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How the “Farm Bill” Became a Misnomer

By: Contributor - Jan 20, 2014, 8:27 am

The US Farm Bill, pending in Congress, originally came about as temporary aid for farmers struggling in the Great Depression, but Congress has renewed it every five years since 1938. After lingering for more than 70 years, it has achieved near-permanent status — including crop insurance, farm subsidies, nutrition guidance, and some conservation programs.

World War I had given the United States an advantage in the world market for agricultural products, as farming was all but halted in many parts of the world. Once European producers were active again, however, US crops faced heavier competition. The supply of grain so highly exceeded demand that it became cheaper than coal, and was burned as fuel. Prices also dropped so sharply that there were some instances of South Dakota farmers having to pay grain elevators $0.03 per bushel to have their grain accepted. Orange farmers also sold crops at a loss.

Congress’s Econ 101 response was to order a decrease in the supply of crops. While many people were starving and couldn’t afford food, Congress was paying farmers to leave a percentage of their land idle. This may have also been a method designed to replenish soil in the Dust Bowl regions, but either way, Congress was asking farmers to produce less so that the farmers themselves would supposedly prosper.

Agriculture Secretary Henry Wallace finally caught on, and thus the Federal Surplus Relief Corporation was formed in 1933 to distribute any surplus. Unfortunately, that was not until hundreds of thousands of otherwise healthy cattle and pigs were purchased by the government and slaughtered, in the state of Nebraska alone.

Presidents Roosevelt and Hoover remained in bipartisan agreement over their somewhat surprising opposition to domestic relief, particularly in the form of food aid. It was only after strident criticism that Roosevelt permitted the distribution of meat to the hungry. He called direct relief “a narcotic, a subtle destroyer of the human spirit. . . . A cold and distant charity which puts out its sympathy only through the tax collector [and] yields only a meager dole of unloving and perfunctory relief.”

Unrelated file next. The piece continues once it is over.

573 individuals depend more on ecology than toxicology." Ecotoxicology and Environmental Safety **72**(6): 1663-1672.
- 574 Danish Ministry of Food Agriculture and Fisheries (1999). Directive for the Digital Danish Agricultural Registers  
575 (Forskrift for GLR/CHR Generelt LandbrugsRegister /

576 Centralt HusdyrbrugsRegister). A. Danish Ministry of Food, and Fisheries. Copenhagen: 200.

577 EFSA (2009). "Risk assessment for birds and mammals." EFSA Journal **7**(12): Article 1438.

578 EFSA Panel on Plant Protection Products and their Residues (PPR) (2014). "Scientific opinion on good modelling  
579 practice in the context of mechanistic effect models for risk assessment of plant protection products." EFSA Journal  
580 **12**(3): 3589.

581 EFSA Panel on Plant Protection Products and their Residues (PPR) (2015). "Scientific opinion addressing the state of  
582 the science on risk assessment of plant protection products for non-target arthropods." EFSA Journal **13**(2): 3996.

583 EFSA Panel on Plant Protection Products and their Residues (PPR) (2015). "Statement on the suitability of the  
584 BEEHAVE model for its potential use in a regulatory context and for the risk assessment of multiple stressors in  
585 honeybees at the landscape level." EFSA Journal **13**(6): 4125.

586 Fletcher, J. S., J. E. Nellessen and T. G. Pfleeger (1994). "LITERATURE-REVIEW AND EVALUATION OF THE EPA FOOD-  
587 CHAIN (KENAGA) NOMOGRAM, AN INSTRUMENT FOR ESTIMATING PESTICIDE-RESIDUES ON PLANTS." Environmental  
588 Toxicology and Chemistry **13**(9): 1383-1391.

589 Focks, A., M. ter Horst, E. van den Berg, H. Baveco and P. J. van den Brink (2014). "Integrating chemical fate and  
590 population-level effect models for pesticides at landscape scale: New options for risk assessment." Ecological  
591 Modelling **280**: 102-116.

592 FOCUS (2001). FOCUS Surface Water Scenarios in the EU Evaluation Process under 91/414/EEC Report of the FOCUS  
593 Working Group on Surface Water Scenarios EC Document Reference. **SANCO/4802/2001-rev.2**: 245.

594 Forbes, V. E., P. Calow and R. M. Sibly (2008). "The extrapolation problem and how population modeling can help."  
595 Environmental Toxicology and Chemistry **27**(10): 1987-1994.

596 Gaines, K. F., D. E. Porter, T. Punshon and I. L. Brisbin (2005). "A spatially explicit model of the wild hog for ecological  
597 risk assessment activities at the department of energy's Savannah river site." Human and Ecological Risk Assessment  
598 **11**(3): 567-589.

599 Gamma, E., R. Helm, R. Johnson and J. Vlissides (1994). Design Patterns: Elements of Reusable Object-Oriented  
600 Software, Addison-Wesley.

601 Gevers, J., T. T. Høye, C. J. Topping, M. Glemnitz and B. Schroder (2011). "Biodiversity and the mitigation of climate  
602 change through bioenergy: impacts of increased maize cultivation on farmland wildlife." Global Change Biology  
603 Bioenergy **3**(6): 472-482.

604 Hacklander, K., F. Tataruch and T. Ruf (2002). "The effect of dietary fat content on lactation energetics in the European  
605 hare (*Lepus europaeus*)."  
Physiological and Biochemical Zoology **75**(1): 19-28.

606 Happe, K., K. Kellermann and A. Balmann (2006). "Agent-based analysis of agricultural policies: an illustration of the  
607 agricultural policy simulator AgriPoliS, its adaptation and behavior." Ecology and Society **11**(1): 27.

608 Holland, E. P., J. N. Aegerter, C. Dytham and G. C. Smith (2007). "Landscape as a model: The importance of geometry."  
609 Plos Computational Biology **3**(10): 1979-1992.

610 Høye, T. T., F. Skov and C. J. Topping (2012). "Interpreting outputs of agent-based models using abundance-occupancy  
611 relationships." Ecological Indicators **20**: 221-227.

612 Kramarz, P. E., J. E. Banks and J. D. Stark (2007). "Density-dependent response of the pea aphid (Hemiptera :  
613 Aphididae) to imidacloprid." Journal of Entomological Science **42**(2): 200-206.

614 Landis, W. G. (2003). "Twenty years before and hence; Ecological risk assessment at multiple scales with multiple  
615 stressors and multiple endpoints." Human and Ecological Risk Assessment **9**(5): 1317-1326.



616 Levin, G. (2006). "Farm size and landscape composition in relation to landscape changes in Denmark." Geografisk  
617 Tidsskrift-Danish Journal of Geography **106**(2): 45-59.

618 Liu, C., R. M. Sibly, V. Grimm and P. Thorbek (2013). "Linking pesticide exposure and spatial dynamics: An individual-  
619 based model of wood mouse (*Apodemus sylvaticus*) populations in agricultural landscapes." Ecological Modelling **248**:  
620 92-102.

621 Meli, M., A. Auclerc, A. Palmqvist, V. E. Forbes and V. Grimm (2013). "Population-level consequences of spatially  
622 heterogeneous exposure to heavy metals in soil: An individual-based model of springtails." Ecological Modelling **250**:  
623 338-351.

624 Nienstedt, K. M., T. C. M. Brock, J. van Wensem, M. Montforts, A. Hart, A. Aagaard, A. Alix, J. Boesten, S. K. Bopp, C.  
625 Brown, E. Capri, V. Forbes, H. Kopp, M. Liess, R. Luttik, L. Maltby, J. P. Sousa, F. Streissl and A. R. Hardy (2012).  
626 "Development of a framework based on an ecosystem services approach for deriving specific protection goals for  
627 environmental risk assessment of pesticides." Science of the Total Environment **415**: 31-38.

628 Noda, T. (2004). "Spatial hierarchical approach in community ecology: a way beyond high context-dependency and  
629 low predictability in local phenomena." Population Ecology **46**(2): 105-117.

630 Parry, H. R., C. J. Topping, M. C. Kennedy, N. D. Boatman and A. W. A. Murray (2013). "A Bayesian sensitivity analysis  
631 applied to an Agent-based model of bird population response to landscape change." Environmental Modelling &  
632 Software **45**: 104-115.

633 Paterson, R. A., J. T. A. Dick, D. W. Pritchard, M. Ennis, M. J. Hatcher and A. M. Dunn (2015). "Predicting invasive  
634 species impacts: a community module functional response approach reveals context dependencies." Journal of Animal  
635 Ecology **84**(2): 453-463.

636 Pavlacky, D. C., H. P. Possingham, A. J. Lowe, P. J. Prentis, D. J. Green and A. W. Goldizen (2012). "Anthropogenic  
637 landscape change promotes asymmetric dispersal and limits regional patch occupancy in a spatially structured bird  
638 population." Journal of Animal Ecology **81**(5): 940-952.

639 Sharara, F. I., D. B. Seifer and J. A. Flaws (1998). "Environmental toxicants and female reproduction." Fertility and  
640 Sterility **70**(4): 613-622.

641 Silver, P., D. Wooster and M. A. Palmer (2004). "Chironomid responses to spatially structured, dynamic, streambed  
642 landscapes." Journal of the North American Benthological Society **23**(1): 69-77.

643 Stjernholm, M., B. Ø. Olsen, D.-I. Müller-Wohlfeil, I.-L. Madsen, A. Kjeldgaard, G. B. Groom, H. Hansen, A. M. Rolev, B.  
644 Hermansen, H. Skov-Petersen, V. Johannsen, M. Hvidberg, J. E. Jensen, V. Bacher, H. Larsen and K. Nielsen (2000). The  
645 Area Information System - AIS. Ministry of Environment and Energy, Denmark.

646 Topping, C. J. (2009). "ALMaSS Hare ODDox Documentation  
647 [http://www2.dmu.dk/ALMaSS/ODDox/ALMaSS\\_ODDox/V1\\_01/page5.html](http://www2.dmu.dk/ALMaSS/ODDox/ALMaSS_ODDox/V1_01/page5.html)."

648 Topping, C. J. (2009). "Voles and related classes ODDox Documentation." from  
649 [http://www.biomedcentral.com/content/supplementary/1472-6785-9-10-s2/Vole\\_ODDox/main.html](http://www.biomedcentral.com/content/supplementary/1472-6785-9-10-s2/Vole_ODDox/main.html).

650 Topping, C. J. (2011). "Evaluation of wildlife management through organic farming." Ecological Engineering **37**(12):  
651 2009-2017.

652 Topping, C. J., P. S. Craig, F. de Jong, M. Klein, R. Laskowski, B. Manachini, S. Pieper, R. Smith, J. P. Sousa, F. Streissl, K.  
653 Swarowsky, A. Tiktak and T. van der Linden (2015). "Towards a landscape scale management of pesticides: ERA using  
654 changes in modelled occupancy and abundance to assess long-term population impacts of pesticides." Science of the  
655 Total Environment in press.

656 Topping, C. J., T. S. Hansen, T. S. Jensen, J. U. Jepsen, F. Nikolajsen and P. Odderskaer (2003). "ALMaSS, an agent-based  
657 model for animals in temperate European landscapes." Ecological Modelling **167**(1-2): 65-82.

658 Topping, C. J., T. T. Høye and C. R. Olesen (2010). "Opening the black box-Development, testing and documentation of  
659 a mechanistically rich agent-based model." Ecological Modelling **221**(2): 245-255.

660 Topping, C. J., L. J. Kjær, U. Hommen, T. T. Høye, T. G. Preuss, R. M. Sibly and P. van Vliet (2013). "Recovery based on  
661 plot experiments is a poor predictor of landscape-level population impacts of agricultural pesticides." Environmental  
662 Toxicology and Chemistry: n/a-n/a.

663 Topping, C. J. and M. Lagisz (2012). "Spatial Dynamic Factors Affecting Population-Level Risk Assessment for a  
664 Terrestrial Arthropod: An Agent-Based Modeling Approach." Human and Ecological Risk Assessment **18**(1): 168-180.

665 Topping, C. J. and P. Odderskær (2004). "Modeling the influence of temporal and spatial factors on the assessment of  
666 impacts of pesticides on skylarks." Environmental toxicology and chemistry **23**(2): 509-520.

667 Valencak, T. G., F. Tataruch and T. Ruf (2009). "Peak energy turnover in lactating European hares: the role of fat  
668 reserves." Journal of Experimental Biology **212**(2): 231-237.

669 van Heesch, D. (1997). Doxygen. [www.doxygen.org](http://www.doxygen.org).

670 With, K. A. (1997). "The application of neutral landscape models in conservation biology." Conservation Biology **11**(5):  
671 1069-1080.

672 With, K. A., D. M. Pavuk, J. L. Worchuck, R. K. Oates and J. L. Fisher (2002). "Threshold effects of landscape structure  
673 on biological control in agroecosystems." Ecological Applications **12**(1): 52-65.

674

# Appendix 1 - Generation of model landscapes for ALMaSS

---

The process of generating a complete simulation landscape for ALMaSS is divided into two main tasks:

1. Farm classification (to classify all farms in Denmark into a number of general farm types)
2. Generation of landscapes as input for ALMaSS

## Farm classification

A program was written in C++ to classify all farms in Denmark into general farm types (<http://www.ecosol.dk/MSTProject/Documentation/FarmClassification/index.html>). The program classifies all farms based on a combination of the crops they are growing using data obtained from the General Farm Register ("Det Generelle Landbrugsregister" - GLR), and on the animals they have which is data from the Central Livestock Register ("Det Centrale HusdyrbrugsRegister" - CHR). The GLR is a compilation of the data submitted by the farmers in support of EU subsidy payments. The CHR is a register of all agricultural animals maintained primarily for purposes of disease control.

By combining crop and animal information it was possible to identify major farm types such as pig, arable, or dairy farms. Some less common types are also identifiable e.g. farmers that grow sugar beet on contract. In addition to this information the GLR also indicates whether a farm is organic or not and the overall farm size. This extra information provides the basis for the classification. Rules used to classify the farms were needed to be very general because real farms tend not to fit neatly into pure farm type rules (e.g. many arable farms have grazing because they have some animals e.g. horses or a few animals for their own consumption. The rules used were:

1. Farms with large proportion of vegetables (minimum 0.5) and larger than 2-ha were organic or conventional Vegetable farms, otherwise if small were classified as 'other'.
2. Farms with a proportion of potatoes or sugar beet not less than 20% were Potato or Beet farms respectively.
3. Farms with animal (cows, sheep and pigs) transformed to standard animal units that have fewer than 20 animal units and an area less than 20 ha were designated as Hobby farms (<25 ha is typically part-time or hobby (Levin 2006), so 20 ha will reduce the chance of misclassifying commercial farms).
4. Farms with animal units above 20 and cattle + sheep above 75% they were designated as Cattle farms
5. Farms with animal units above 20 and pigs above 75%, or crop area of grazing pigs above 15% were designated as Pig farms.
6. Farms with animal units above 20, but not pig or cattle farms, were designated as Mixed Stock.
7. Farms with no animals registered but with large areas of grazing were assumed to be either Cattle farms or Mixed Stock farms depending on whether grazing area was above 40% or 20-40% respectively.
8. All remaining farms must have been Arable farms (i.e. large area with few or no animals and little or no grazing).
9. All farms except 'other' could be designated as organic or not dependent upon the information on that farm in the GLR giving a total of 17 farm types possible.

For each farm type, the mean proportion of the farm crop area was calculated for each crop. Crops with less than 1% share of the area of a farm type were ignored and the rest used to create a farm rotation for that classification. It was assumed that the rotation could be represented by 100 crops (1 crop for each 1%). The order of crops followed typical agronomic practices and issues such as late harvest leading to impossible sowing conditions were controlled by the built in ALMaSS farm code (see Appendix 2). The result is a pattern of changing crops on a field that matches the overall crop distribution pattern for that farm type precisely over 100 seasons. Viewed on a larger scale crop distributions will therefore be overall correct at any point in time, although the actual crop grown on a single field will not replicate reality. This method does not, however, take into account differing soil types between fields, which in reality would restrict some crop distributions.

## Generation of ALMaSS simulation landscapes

The very idea of redistribution was “radical” at the time, but, “necessity trumped ideology,” and Roosevelt supported the creation of the Food Stamp program in 1938. In four years, 20 million people started receiving food stamps, and according to the Heritage Foundation, food stamps now make up 80 percent of the Farm Bill’s almost US$1oo billion annual price tag.

Sources: Congressional Budget Office, Heritage Foundation.
Sources: Congressional Budget Office, Heritage Foundation.

Today, the Farm Bill is a collection of 15 bills that include many nonessential and unconstitutional items that have nothing to do with agriculture. Congress hastily cobbled together this omnibus bill in a time of crisis, and over time it has attracted scores of lobbyists and special interest groups seeking subsidies for their industries. According to Farm Bill 101, “the primary beneficiaries of Farm Bill programs are large farm businesses growing five main crops, including corn, soybeans, wheat, cotton, and rice.”

The bill favors large farms with enough political and financial pull to see their interests addressed. However well-intentioned the bill may have been, it has become a distorted mess of special interests. It is also incredibly outdated, despite being renewed every five years. As Farm Bill 101 points out, “the agricultural sector is much different than it was in the 1930s, yet U.S. policies have not conformed to these changes.”

This cumbersome and unsustainable policy is becoming a justifiable target, and even lawmakers are making compromises to ensure the bill’s survival. One measure under discussion is the creation of a “price or subsidy formula to send a market signal to farmers — not direct supply management.”

This is eerily reminiscent of Oskar Lange’s theory of market socialism, which proposed a “market-based” determination of prices through a central planning board. Oh the irony. While it would have been difficult to argue that the market would triumph during the Great Depression, today it hardly seems necessary for Congress to serve as a central planning board to ensure the well-being of US agriculture.

While a quick Google search yields hundreds of articles lamenting the potential rise in milk prices, if the Farm Bill is not renewed, these writers and concerned citizens fail to realize is that there is a cost to all of this cumbersome legislation. Even if indirectly, they are the ones footing the cost of this outdated and unnecessary bill.